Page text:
Police are investigating a suspected mass overdose at a private school on the Gold Coast, after seven students were taken to hospital on Wednesday. According to ABC News, the boys' teacher "noticed the boys were unaware of their surroundings and nauseous." All seven of the students—aged 14 and 15 years old—were taken to hospital. Four were in a "critical condition."
A crime scene was established at St Stephen's College in Coomera, about an hour south of Brisbane, and students' mobile phones were seized. Police are allegedly investigating whether the substance that made the students sick was bought online. What exactly that substance was should be established later today when the toxicology reports are returned.
The school's principal, Jamie Dorrington, has told parents "much of what the current media is saying is an exaggeration" in a post on the school's Facebook page. However, he did note "it is likely the students have ingested some kind of substance."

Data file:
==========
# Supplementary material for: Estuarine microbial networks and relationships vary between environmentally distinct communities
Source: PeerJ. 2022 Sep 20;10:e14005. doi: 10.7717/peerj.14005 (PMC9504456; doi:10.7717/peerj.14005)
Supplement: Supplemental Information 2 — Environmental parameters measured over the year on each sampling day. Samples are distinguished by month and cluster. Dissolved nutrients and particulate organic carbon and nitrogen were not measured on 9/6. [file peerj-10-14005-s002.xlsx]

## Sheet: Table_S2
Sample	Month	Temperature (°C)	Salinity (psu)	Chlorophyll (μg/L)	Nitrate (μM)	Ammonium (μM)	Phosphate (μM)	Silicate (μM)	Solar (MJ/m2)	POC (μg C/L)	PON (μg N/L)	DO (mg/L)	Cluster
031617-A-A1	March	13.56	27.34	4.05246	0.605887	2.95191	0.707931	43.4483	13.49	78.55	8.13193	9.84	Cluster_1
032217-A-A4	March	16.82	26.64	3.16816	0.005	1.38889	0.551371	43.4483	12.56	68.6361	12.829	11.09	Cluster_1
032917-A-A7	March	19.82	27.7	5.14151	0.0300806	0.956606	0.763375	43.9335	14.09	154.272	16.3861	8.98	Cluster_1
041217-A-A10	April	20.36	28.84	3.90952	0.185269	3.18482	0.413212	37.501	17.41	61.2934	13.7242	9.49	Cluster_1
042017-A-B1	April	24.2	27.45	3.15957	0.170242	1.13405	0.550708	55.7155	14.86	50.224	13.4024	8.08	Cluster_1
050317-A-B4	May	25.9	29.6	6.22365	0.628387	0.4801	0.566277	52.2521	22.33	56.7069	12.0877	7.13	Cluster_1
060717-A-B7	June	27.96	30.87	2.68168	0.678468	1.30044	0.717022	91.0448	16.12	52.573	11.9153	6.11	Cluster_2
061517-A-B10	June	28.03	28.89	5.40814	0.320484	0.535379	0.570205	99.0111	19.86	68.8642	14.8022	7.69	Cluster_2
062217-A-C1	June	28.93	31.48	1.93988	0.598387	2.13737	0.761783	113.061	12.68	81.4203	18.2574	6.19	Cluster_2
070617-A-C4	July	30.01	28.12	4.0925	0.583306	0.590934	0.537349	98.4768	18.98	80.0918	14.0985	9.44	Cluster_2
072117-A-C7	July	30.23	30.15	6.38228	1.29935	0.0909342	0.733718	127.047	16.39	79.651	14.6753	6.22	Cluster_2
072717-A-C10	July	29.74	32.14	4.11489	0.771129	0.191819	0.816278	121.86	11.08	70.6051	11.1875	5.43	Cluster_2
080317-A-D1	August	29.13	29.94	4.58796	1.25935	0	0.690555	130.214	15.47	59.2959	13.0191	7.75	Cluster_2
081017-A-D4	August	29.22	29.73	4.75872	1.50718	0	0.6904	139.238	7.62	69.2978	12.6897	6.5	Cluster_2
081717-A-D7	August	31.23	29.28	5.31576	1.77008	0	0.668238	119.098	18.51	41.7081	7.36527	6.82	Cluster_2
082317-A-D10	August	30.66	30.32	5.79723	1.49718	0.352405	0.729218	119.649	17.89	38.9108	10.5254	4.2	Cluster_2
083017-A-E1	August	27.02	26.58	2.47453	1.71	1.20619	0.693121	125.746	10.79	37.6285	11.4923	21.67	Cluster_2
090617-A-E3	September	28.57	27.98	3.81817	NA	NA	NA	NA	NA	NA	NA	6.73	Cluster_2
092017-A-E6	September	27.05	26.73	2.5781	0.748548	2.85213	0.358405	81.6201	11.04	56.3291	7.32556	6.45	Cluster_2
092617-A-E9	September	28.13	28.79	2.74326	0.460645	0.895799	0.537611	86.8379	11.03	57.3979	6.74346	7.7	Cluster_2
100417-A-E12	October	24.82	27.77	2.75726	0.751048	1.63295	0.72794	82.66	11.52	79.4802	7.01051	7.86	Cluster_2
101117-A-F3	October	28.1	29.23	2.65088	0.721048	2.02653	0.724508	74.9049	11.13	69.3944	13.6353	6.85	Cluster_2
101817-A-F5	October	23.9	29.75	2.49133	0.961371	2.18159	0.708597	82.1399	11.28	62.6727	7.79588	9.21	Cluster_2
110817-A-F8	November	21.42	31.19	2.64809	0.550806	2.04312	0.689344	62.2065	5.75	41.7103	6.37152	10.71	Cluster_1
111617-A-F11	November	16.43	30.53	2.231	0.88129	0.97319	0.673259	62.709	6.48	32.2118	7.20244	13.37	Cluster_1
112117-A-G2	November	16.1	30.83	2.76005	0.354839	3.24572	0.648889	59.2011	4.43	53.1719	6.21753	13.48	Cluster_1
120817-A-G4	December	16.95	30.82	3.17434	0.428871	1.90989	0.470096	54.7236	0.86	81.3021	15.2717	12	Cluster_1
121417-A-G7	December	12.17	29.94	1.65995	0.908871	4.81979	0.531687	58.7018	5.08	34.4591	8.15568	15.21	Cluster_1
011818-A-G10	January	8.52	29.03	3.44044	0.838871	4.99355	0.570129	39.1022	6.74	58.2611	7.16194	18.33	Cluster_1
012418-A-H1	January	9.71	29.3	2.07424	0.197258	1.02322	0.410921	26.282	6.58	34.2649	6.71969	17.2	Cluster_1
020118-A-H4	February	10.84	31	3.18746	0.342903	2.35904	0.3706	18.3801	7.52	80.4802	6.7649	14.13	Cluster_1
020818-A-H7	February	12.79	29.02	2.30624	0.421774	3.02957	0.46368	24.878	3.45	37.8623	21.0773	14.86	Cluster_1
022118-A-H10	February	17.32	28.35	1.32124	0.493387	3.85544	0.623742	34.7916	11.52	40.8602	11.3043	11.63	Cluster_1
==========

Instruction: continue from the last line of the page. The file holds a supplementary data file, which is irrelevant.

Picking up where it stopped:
"While this is obviously of concern to me, it does allow me to reassure you that their illness was not due to anything contagious," Dorrington added. "I have been advised by Queensland Ambulance that if students were to exhibit any symptoms it would have occurred by now."
Queensland Police Inspector Tony Wormald also told media it was likely the students took sort sort of drug, which made them sick.
"There's a number of different types of drugs that it could be," he said. "Once we find out the toxicology coming back from the hospital we'll be able to make a better determination… Whatever it is, it's a dangerous drug. We are making some inquiries as to whether or not they've actually purchased it off the internet themselves."
According to Dr James Martin from Macquarie University, Australians are using the dark net to buy drugs in higher numbers every year. "We have the second highest concentration of online drug dealers in the world [per capita.] We're just behind the Netherlands," he told VICE. "And that isn't taking into account local customers who are buying from overseas… we're leading the world as the dark net."
A lot of factors are driving this, Dr Martin says, including how relatively expensive drugs are in Australia. But the perceived higher quality of drugs on the dark net is also a factor, because buyers are able to give sellers a rating—just like a passenger can give their Uber driver five stars.
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